Invest in some quality grooming tools. That way you’ll have them for the lifetime of your cat, even after Baby has grown to adulthood. The higher quality products not only last longer, they tend to do a better job. For instance, cheaper nail trimmers tend to become dull more quickly— that means they end up crushing rather than snipping off the nail. And a Teflon-coated comb, or one with rolling teeth is more comfortable for the kitten because it glides more easily through fur and won’t pull.
You don’t need anything fancy for routine grooming. Basic grooming tools are available in most pet supply stores, your veterinarian’s office, or over the Internet. If you have a purebred kitten and want to show her, there may be special grooming provisions you’ll need to learn. Visit a couple of cat shows, and ask questions to get the answers you need for your special kitten. Your breeder is also a great resource for this information.
Kitten and adult cat skin is very sensitive. That means any comb or brush teeth must never be sharply pointed. They are designed to be smooth and rounded so the grooming experience is pleasant, and there’s no chance of injury.
To take good care of your kitten’s fur, you’ll need at least one comb. The teeth of the comb will be set together in a fine, medium, or coarse fashion. The closer together, the finer the teeth are said to be. Medium to coarse combs are good for longhaired kittens, while medium to fine combs work best for shorthaired breeds.
Shorthaired kittens may do fine with regular sessions using cat gloves. These are special gloves with inset rubber nubs in the palm that smooth the fur and remove any loose hair. Cat gloves are a kitten favorite, because the action just seems like you are petting them.
You may also want to invest in a second fine-toothed comb to finish the coat once all the tangles are smoothed. A flea comb works great, and also will capture any stray bugs that set up housekeeping on your kitten. Or, there are combs designed that have medium-spaced teeth on one side and coarse or fine teeth on the other. Most times, the handles on cat combs are short to be easier to handle and more efficient. A flea comb works great to remove caked or crusty material from the kitten’s fur.
When looking for a brush, be sure the bristles or nubs are soft enough not to scratch tender kitten skin, but firm enough to reach through the fur and brush efficiently. A curry brush is rubber or plastic with short nubs that work great to smooth fur and remove loose hair on shorthaired cats. Some are designed to work on longhaired kittens, too.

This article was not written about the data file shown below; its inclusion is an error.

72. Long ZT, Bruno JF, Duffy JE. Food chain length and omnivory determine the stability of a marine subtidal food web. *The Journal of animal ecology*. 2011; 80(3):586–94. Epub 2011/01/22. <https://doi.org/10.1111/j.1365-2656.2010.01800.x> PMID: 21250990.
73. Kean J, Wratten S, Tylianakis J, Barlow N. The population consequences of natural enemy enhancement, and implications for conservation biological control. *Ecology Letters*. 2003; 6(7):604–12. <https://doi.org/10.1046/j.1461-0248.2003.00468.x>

A slicker brush is designed for the final finishing touch. It is made up of closely-arranged fine wires that smooth the coat. You must be careful not to brush the skin, though, or you could cause “brush burns.”
WARNING! Use a slicker brush only after combing or currying out any tangles. A gentle touch works best.
Besides a brush and comb, you need a quality shampoo.
Unless you see a problem with fleas, there’s no need to choose a flea product—a grooming shampoo works fine. Often you can find one that includes some sort of conditioner, or purchase a coat conditioner separately. Conditioner helps reduce static, tangles, and helps prevent drying out the skin. I particularly like the cat bathing products that include oatmeal, which is a natural skin-soothing ingredient.
WARNING! Kittens are highly sensitive to substances put on their skin. Bathing products that are safe for dogs—and sometimes for adult cats—may be too harsh for your kitten. Be especially careful of flea products, or you may accidentally poison your pet. Look for the words “safe for kittens” before buying the product.
There are “dry” shampoos available for cats. These typically are wipe-on, foam, or spray products that are worked into the dingy fur, wiped off, and left on. They may do a good job in between the more thorough dunking.
You’d think that kittens would take care of their claws all by themselves. You got her a great scratch post, after all! However, kittens still benefit from a bit of manicure help. If claws grow too long, they tend to get caught in the upholstery or carpet, can tear or split, and cause painful infections. I began trimming Eva’s claws every week, while she was still a kitten. That not only prevents potential problems, it also saves my furniture when she occasionally forgets herself and flexes those shivs while sitting on my fine furniture.